April 30, 1889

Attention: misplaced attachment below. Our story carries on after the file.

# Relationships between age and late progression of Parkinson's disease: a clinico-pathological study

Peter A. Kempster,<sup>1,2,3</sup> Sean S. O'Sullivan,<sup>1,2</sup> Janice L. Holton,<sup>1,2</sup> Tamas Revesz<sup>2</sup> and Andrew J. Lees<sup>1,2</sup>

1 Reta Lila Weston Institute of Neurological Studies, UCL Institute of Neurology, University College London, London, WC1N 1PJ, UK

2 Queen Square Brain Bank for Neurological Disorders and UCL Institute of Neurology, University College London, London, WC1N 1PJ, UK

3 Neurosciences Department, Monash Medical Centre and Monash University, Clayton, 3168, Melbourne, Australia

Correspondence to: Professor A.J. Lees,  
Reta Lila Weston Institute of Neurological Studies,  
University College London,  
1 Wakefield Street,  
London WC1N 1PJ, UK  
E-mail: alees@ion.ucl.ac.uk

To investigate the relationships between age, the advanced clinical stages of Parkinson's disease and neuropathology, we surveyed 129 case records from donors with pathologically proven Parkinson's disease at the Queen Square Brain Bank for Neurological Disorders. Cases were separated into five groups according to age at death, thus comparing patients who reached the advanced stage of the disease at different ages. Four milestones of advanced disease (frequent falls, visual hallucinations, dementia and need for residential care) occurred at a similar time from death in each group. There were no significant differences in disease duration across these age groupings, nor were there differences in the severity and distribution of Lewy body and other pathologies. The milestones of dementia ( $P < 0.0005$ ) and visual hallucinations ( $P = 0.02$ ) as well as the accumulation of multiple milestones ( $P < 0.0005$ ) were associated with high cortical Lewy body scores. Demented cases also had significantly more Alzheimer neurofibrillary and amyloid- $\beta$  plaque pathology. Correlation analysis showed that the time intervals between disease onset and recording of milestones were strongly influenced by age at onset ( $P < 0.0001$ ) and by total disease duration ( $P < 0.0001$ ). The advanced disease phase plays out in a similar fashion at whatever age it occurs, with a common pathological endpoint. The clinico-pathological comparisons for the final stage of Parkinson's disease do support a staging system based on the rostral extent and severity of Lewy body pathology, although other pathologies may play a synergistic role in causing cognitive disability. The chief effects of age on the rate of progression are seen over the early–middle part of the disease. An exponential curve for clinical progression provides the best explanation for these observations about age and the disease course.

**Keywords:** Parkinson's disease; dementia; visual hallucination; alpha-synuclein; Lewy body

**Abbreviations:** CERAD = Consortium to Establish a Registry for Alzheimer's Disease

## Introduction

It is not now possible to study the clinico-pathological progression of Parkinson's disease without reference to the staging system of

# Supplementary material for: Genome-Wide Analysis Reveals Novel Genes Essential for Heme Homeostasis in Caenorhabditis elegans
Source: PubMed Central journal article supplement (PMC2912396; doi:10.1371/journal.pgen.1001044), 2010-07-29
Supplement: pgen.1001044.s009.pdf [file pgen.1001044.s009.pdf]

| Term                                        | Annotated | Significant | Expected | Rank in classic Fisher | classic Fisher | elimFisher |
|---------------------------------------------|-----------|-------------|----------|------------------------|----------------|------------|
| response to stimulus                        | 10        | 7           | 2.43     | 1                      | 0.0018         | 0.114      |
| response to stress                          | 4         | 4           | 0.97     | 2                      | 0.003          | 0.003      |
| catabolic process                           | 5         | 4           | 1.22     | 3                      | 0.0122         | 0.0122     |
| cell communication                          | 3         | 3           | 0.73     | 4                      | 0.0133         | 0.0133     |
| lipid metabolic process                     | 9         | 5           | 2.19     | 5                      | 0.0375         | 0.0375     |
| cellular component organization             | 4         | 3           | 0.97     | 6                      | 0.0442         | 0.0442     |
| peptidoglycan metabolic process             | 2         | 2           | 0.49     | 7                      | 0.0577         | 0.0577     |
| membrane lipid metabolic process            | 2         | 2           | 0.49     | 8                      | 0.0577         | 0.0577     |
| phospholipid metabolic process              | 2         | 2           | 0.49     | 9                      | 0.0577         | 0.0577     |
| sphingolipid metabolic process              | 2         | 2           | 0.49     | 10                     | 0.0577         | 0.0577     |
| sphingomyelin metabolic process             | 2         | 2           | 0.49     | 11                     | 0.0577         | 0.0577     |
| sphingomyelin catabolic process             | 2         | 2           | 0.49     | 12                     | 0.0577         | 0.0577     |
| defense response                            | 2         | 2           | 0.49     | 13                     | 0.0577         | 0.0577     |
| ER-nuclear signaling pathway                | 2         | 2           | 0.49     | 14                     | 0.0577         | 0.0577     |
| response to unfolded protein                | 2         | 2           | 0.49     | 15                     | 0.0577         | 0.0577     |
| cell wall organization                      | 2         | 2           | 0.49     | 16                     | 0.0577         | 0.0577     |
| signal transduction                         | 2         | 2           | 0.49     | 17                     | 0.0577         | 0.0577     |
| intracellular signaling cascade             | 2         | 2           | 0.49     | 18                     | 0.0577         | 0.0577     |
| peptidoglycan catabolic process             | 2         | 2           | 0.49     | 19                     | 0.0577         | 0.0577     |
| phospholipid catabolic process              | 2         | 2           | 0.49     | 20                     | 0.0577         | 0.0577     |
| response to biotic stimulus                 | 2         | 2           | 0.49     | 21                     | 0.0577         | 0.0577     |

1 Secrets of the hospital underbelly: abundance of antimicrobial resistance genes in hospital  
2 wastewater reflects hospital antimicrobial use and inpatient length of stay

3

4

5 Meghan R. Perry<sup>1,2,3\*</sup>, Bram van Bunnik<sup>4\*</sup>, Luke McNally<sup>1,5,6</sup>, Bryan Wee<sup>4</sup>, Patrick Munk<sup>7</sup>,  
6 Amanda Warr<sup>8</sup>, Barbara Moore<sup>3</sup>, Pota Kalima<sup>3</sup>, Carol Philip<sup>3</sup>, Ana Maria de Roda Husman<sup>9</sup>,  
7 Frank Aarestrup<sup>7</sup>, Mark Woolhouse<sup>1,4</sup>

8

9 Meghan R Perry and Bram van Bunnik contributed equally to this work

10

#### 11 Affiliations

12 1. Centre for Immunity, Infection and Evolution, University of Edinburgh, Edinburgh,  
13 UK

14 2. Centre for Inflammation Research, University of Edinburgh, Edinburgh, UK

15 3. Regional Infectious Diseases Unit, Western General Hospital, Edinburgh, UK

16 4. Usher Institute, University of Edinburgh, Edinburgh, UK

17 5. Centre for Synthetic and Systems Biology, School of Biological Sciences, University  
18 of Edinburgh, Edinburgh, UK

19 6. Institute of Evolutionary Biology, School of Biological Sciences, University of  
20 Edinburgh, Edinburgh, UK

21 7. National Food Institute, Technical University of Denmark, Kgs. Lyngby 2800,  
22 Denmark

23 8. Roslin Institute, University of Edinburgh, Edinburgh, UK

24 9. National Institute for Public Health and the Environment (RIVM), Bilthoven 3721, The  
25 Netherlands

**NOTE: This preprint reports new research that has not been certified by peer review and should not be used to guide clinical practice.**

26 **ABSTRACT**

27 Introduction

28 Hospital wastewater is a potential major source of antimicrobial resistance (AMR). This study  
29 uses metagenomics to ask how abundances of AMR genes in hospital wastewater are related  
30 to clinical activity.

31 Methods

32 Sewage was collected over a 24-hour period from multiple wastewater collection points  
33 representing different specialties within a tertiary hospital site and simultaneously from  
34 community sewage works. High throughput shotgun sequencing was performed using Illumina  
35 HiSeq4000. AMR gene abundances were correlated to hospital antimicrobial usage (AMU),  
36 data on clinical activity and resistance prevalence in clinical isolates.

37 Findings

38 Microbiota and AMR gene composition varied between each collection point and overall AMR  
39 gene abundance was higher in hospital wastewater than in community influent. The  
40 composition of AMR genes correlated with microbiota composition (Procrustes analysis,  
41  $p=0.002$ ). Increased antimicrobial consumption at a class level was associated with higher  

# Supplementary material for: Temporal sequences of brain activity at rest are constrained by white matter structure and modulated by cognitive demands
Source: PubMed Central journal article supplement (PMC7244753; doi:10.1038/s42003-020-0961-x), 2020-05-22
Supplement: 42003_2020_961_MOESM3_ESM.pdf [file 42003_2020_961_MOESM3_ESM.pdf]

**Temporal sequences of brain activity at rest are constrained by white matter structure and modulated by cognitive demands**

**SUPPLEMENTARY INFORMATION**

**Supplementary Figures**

For several weeks tramps have had their rendezvous alongside the C.& N.W. track south of this city. The camp was about forty rods outside the city limits and the tramps knew it. They grew more bold and insolent each day. They were prowling around in Claus Bush's kitchen during the night time. They slept in John W. Munneke's barn and started a fire in his barn. They bought numerous kegs of beer and gallons of whisky and put themselves outside the same with great expedition. They became so bad that John W. Munneke came to town and swore out a warrant charging them with vagrancy. The city marshal organized a posse comitatus and,aided by Deputy Sheriff Fay and Constables J.W. Farley and Hervey Smith went to the camp of the tramps and arrested seventeen of them. Four others were arrested in the city. They were tried before George Terwilliger, justice of the peace, and eighteen of them convicted. One was sentenced to pay a fine of $20 or be imprisoned in the county jail five days; six to pay a fine of $30 or be imprisoned thirty days; eleven to pay a fine of $50 or be imprisoned fifty days. C.W. Knapp conducted the prosecution in an able manner. George E. Duis, of Dixon, who is attending the college and will graduate in June, defended one of the tramps, Frank Wilson, the one who received the lightest sentence. The tramps were taken to the county jail Tuesday. They were a bad crowd. There were half a dozen razors and more knives found concealed on their persons. Sheriff Keefer does not like such prisoners. He keeps the jail clean and free from vermin and this class of prisoners makes him and his assistants a great deal of extra work.